Douglass Graduate Serves as Role Model for Muslim Women in STEM
A driving force behind most of the decisions Safa Abdulhai made during her time at Rutgers was to tear down misconceptions about her faith and encourage more representation of Muslim women – and women in general – in fields where they are still few in number.
It’s one of the reasons why she chose to study biotechnology, decided to share her story as part of Muslim Feminists for the Arts and why she became a tutor and mentor to others.
“I feel it is so rare for Muslim women to get out of their comfort zone,’’ said Abdulhai, who graduated summa cum laude this month from Rutgers-New Brunswick’s School of Environmental and Biological Sciences. “Everyone thinks that Muslim women are oppressed, that we don’t know how to study or communicate, but they don’t understand we are tough, we get things done and we can pursue the same fields guys can. Despite all the negativity around us we are showing everyone we can do it.’’
Abdulhai’s pride in her heritage grew in response to the bullying and Islamophobia she faced living around the world while growing up. She was born in India and lived in Dubai, Qatar, the United Arab Emirates and different parts of the United States before her family moved to Holmdel, New Jersey, when she was in high school.
Abdulhai didn’t have an easy start at Rutgers. She wanted to get involved in research during her freshman year but was rejected for every position she applied to. Then a friend invited her to a STEM symposium at Douglass Residential College, and it opened a door to research opportunities. She applied to the Douglass Project for Rutgers Women in Math, Science, and Engineering, which enabled her to take a class where she learned how to write scientific papers and produce research posters.
Through Douglass, she was placed in a research position her sophomore year that provided an opportunity to study the gene that regulates breast cancer. But on her way to her first day in the lab at the Rutgers Cancer Institute of New Jersey, she was struck by a car crossing Nichol Avenue in New Brunswick. Luckily, she walked away with only a hand injury, but for a few weeks she wasn’t able to write or carry her books. Her parents drove her every day to school to limit the amount of time she would miss in class and she was able to regain use of her hand following surgery.
“The accident is part of the reason why I want to be a doctor,’’ Abdulhai said. “I like doing research, I like being in the lab, but it’s amazing how the doctors fixed me up and I was able to go back to school.’’
Despite setbacks, Abdulhai’s time at Rutgers is a story of success and achievement. She earned a 4.0 the semester of her accident, completed her internship in the lab, and went on to be accepted into a highly competitive program as an undergraduate research assistant at the University of Massachusetts Medical School the summer after her junior year. She was one of 29 applicants out of a pool of 1,600 to be accepted.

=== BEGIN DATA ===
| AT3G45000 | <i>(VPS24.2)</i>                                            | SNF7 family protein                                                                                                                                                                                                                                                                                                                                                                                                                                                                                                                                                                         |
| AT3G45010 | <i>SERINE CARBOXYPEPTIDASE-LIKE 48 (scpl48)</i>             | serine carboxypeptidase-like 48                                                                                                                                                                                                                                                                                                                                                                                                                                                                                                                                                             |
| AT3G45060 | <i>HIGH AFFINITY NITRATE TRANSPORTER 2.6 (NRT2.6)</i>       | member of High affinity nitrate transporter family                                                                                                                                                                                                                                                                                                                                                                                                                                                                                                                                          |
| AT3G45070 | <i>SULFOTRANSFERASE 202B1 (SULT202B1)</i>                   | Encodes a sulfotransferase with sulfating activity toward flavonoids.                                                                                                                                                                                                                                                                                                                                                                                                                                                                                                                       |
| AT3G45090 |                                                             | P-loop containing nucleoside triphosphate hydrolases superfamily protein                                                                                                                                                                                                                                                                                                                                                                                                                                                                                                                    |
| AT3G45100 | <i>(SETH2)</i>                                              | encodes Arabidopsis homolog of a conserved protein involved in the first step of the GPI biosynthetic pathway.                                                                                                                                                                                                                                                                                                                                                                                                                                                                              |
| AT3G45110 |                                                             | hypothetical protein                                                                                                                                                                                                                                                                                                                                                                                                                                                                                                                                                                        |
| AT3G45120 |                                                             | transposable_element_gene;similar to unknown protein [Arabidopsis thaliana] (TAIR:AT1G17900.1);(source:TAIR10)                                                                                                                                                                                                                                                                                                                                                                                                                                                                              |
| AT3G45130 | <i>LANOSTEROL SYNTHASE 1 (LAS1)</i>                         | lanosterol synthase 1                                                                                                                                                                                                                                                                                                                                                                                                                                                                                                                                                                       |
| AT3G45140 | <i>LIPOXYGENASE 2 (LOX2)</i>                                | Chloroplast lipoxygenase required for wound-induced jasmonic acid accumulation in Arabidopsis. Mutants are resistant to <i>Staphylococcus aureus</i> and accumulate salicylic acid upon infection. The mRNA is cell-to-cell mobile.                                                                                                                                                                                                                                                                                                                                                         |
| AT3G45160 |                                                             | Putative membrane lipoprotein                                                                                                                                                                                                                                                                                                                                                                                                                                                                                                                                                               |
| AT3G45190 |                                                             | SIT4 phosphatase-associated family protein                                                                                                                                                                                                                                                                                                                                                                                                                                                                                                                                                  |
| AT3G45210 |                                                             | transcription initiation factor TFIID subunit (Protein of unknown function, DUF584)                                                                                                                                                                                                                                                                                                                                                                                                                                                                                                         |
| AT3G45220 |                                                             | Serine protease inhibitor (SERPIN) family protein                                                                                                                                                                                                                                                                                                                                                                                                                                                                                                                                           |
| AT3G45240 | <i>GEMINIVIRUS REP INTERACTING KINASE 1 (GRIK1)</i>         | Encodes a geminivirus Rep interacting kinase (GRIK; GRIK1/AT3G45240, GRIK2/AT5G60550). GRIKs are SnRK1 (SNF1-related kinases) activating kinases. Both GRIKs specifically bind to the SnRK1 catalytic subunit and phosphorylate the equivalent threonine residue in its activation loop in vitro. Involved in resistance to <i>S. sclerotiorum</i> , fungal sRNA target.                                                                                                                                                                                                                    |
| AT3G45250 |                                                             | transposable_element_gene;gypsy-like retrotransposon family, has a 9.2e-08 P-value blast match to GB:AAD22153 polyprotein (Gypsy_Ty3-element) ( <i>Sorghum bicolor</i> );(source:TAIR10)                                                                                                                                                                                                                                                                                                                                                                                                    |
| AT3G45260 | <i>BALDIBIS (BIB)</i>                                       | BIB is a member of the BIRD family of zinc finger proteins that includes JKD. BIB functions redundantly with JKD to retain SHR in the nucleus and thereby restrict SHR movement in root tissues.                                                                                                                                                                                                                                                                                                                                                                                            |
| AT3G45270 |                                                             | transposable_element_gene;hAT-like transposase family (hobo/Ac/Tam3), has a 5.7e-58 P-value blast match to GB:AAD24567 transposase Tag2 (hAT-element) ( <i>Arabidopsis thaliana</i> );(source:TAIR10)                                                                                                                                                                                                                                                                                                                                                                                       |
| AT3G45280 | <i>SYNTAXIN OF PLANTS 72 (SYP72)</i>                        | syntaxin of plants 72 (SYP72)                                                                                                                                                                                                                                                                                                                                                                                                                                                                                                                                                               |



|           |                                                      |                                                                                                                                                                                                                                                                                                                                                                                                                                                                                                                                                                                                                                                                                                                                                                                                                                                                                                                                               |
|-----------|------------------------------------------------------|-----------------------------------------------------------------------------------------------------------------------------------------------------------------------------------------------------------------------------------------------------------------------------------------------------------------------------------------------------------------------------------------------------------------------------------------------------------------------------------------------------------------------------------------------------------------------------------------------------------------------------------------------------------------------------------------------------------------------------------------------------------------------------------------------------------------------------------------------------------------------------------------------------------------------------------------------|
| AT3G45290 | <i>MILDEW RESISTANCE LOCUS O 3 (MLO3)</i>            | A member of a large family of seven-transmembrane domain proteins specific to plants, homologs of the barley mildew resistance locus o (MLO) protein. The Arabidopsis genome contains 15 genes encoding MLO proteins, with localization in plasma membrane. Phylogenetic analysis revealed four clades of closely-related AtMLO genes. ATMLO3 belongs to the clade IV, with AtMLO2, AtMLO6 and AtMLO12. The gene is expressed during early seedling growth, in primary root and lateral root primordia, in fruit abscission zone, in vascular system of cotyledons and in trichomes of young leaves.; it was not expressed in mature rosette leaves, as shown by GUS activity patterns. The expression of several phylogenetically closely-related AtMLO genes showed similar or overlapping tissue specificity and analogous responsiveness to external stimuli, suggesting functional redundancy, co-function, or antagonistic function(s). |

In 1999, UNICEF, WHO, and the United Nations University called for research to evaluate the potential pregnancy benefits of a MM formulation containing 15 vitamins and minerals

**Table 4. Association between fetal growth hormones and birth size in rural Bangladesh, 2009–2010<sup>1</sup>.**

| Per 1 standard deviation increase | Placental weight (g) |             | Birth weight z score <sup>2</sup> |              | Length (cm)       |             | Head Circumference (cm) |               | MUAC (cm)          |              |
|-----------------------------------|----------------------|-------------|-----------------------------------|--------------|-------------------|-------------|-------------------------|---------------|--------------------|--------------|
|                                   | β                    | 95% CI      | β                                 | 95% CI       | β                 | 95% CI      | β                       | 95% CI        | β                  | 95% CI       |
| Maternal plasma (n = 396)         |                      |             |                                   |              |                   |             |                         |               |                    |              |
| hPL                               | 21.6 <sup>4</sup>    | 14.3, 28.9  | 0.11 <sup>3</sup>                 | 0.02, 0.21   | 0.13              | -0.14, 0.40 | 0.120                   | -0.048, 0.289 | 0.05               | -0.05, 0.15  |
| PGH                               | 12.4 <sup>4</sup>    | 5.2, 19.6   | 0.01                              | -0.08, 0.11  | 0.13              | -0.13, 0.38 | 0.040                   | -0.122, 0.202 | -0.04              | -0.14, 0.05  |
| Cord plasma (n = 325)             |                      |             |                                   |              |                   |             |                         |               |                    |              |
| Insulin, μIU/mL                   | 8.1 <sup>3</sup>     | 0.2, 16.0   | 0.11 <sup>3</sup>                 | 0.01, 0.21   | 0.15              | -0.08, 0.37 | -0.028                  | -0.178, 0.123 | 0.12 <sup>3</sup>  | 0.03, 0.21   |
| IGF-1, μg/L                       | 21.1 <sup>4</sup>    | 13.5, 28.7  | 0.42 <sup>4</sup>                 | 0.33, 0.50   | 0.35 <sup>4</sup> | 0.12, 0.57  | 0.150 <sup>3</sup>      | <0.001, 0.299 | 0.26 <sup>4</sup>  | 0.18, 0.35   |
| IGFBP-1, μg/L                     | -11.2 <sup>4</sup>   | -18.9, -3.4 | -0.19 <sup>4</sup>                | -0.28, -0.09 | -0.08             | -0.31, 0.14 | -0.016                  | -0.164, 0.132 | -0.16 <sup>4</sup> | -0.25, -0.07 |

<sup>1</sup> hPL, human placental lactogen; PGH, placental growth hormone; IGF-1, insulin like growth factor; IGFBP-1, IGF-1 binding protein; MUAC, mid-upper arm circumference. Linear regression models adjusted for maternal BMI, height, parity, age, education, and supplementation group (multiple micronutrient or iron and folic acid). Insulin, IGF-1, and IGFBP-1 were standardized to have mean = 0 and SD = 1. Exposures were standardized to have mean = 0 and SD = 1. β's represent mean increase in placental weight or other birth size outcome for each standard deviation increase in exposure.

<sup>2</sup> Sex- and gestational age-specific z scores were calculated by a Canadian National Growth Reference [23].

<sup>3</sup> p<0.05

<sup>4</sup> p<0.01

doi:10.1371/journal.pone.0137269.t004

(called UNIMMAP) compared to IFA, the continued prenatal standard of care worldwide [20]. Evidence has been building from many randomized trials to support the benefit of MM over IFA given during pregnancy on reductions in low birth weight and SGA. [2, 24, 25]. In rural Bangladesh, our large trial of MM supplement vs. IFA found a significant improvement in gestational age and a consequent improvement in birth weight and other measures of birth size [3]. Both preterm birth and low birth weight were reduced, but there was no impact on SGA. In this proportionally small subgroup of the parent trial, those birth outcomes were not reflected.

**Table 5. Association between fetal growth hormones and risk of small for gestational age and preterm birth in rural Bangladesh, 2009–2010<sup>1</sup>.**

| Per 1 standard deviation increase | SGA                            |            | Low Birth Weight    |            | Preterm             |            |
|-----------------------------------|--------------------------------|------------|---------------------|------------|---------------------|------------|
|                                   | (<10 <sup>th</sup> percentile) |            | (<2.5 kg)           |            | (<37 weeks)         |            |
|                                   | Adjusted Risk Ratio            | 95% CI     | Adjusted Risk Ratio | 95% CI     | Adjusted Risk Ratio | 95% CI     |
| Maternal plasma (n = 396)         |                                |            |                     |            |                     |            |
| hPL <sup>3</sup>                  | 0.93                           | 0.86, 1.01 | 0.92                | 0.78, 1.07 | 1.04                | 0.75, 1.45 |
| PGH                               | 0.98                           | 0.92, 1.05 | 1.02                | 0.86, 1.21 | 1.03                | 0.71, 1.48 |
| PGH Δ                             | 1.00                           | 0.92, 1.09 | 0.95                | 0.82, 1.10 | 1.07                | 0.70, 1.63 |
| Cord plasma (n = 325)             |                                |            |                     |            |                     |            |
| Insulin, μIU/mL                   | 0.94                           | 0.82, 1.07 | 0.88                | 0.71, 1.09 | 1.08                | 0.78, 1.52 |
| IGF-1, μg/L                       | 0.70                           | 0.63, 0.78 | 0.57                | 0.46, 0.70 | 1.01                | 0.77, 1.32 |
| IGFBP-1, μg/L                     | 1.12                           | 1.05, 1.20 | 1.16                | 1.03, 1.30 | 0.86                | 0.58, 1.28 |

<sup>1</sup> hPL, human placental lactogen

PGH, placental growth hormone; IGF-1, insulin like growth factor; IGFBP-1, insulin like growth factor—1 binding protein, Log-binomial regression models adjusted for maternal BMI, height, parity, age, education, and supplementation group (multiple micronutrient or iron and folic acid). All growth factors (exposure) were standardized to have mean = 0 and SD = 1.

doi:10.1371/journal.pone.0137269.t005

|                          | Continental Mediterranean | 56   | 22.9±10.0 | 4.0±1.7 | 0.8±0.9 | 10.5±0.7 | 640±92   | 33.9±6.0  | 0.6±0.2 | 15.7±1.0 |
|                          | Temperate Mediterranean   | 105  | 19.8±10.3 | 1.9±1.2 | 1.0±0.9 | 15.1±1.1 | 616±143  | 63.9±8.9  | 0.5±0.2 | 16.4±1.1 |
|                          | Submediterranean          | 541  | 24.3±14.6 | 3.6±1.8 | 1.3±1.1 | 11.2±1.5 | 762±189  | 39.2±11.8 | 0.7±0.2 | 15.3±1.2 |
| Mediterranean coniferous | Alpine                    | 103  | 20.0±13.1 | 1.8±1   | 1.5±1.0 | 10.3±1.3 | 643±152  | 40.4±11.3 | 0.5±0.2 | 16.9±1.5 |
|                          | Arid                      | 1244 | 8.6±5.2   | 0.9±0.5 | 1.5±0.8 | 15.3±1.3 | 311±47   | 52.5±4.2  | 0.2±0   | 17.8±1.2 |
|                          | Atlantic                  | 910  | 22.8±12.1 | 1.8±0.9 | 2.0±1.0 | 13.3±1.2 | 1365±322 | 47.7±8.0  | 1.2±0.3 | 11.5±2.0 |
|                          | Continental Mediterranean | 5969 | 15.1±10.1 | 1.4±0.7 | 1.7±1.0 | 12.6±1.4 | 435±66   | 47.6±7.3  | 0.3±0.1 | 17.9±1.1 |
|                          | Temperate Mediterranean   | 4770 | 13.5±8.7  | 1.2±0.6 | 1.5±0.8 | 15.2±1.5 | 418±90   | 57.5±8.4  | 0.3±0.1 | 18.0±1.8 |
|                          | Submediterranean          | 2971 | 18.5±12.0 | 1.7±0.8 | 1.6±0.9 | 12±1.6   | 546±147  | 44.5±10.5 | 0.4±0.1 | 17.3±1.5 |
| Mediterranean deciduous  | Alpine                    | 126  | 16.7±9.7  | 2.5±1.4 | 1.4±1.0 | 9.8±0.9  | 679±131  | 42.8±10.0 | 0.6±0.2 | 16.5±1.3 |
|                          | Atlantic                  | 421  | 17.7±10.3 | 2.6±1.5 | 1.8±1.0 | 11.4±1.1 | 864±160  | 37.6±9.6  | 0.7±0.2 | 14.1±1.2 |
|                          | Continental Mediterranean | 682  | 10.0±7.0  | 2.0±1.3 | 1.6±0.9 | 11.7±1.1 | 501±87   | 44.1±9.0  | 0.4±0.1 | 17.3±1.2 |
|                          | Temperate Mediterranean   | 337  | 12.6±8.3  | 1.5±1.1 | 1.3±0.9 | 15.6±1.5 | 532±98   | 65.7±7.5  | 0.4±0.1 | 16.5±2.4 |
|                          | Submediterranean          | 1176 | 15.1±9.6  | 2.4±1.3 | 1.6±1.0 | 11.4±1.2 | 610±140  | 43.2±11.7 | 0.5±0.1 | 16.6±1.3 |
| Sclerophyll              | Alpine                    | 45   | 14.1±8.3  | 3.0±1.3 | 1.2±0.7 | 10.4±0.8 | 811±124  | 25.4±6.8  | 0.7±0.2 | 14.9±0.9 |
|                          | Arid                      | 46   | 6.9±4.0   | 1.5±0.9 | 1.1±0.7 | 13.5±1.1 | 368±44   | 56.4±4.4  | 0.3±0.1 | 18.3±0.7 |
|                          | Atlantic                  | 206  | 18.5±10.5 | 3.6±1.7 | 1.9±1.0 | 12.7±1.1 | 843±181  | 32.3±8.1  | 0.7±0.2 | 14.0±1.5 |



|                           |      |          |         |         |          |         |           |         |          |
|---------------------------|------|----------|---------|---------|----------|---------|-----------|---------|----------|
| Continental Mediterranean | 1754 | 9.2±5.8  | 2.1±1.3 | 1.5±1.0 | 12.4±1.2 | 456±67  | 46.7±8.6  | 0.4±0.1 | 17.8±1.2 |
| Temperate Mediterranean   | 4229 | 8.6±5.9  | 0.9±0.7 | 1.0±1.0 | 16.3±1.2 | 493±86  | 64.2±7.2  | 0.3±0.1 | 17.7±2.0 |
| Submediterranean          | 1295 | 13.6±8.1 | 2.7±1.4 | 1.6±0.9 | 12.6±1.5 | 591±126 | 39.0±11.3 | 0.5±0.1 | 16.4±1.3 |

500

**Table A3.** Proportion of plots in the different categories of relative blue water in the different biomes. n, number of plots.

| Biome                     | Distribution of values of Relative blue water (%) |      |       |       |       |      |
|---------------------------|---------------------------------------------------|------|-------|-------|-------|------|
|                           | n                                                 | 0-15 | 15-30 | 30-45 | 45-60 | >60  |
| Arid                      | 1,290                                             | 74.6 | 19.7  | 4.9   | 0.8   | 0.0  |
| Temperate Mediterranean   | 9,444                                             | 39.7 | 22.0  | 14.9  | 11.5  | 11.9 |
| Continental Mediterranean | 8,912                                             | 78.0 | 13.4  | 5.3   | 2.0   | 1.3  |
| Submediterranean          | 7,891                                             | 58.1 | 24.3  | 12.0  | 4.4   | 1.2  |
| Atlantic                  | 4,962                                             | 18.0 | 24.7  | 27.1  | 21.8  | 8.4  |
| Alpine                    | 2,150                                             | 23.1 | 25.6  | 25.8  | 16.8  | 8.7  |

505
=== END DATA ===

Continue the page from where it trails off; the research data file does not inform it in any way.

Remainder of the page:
At UMass, she worked in a lab researching how changes in a protein can alter gene expression and genome organization, causing Hutchinson-Gilford progeria syndrome, a genetic condition characterized by the dramatic, rapid appearance of aging that causes children to die on average at 14. She won first place in the program’s poster session and presented her research this spring at the New England Science Symposium at Harvard Medical School.
She credits a lot of her success to the help and guidance she received as a student at Douglass Residential College and to her professors who believed in her and supported her. The professor she worked with at UMass traveled to Rutgers when Abdulhai presented her summer internship research as her thesis for the George H. Cook Scholars Program.
“Now that I have accomplished these different things, I want to help people who feel the doors are closed to them,’’ she said.
Abdulhai became a mentor for students through the Douglass Project and became involved in the Muslim Feminists for the Arts as a way of sharing her message of inclusion and encouraging women to pursue STEM fields.
Moving back to New Jersey in high school and attending Rutgers marked the first time Abdulhai felt she fit in. She said she wants to remain positive and be an advocate even in a politically challenging times.
“At Rutgers, people did not judge me because of my nationality, they were so accepting and excited to learn about me and my experience living around the world,’’ she said. “I am hopeful the future is going to be welcoming of people regardless of their backgrounds and religion.’’
Reposted from Rutgers Today